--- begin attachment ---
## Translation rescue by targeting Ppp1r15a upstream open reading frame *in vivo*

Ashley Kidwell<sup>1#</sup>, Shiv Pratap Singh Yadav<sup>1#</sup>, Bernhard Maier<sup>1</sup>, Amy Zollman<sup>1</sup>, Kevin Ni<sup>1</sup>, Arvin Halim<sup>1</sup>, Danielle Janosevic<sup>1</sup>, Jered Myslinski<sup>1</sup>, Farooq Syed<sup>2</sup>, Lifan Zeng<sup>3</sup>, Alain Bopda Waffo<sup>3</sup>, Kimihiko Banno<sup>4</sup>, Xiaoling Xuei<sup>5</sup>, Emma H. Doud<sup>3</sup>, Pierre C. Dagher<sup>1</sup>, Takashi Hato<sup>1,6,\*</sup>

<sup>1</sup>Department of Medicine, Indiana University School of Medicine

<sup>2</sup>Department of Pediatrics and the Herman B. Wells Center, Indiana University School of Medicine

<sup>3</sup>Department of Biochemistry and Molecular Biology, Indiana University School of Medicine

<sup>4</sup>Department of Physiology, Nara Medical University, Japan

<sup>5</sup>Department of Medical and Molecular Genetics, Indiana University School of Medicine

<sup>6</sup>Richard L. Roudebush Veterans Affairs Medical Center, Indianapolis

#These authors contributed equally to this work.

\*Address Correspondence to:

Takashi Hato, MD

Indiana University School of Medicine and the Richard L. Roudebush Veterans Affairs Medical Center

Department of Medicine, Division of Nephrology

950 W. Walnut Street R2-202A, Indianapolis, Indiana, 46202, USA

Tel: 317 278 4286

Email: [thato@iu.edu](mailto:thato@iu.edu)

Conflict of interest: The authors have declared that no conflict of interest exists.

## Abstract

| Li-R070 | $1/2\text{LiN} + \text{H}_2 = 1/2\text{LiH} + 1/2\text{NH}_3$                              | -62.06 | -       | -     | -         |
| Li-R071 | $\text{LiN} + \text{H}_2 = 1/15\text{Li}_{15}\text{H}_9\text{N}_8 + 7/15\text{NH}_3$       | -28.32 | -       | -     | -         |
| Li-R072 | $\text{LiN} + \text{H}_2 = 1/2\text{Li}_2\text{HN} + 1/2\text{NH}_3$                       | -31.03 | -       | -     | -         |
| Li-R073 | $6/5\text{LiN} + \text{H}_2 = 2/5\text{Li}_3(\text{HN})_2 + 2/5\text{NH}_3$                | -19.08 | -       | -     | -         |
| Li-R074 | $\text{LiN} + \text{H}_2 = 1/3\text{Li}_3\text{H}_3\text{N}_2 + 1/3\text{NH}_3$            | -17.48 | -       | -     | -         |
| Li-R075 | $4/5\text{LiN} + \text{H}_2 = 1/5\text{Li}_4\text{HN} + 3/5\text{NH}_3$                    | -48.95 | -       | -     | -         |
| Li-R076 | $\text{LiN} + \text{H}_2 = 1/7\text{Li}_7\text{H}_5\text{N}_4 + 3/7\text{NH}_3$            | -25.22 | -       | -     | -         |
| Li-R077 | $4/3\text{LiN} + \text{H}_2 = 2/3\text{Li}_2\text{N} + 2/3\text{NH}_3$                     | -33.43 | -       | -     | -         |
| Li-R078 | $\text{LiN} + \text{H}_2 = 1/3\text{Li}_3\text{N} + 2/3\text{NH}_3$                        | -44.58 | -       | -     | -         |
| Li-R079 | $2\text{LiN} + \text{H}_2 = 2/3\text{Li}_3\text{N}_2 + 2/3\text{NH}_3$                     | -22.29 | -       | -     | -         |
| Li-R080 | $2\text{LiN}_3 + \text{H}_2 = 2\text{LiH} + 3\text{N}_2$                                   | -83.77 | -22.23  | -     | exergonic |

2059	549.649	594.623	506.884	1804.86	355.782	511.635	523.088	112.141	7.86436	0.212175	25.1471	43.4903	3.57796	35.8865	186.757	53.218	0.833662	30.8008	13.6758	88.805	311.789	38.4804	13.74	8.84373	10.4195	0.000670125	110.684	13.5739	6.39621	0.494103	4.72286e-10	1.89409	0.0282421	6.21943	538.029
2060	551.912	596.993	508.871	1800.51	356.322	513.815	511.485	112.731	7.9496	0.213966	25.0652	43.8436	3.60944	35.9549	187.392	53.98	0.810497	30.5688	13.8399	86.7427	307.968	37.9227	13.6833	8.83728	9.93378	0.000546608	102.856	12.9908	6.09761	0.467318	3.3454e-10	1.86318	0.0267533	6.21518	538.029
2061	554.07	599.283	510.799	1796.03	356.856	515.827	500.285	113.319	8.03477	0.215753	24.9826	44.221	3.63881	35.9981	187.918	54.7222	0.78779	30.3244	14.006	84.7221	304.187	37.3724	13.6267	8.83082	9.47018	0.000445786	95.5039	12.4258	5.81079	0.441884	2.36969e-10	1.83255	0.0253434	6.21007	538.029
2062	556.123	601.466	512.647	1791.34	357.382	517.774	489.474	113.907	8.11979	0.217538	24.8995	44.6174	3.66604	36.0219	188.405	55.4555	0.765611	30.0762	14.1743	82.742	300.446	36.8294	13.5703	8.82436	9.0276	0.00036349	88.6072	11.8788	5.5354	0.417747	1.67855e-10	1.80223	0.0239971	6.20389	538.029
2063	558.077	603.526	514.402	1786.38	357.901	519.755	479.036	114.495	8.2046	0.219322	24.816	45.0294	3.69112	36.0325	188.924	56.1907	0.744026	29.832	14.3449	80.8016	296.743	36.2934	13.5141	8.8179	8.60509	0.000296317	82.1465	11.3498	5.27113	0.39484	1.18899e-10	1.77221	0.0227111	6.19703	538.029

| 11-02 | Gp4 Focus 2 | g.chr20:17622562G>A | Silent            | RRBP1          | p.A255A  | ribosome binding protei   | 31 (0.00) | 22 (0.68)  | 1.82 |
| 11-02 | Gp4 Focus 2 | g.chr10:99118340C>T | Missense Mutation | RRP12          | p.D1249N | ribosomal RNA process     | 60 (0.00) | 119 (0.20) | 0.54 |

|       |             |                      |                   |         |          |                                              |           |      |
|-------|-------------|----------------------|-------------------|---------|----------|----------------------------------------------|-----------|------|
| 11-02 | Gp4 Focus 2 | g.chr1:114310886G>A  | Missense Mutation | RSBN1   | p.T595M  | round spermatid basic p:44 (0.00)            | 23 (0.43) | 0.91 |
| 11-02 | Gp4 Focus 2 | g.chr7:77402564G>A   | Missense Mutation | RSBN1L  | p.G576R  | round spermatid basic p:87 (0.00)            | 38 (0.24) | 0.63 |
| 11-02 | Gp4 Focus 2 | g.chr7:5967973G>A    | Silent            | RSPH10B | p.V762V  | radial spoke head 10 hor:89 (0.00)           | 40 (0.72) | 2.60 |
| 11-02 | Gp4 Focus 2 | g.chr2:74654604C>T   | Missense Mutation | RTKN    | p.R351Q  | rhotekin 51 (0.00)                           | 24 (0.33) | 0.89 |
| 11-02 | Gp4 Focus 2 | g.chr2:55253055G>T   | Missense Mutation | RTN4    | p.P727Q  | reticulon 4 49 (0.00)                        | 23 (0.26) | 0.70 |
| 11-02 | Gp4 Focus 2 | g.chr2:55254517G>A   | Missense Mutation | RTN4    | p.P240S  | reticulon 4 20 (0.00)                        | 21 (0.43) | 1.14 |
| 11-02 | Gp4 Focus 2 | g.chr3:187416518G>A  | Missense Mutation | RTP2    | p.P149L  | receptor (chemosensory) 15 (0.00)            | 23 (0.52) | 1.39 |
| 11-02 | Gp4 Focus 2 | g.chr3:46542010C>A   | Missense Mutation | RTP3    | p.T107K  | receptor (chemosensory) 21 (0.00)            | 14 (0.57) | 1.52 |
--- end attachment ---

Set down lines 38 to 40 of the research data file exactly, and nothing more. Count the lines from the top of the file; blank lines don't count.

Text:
|-------|-------------|----------------------|-------------------|---------|----------|----------------------------------------------|-----------|------|
| 11-02 | Gp4 Focus 2 | g.chr1:114310886G>A  | Missense Mutation | RSBN1   | p.T595M  | round spermatid basic p:44 (0.00)            | 23 (0.43) | 0.91 |
| 11-02 | Gp4 Focus 2 | g.chr7:77402564G>A   | Missense Mutation | RSBN1L  | p.G576R  | round spermatid basic p:87 (0.00)            | 38 (0.24) | 0.63 |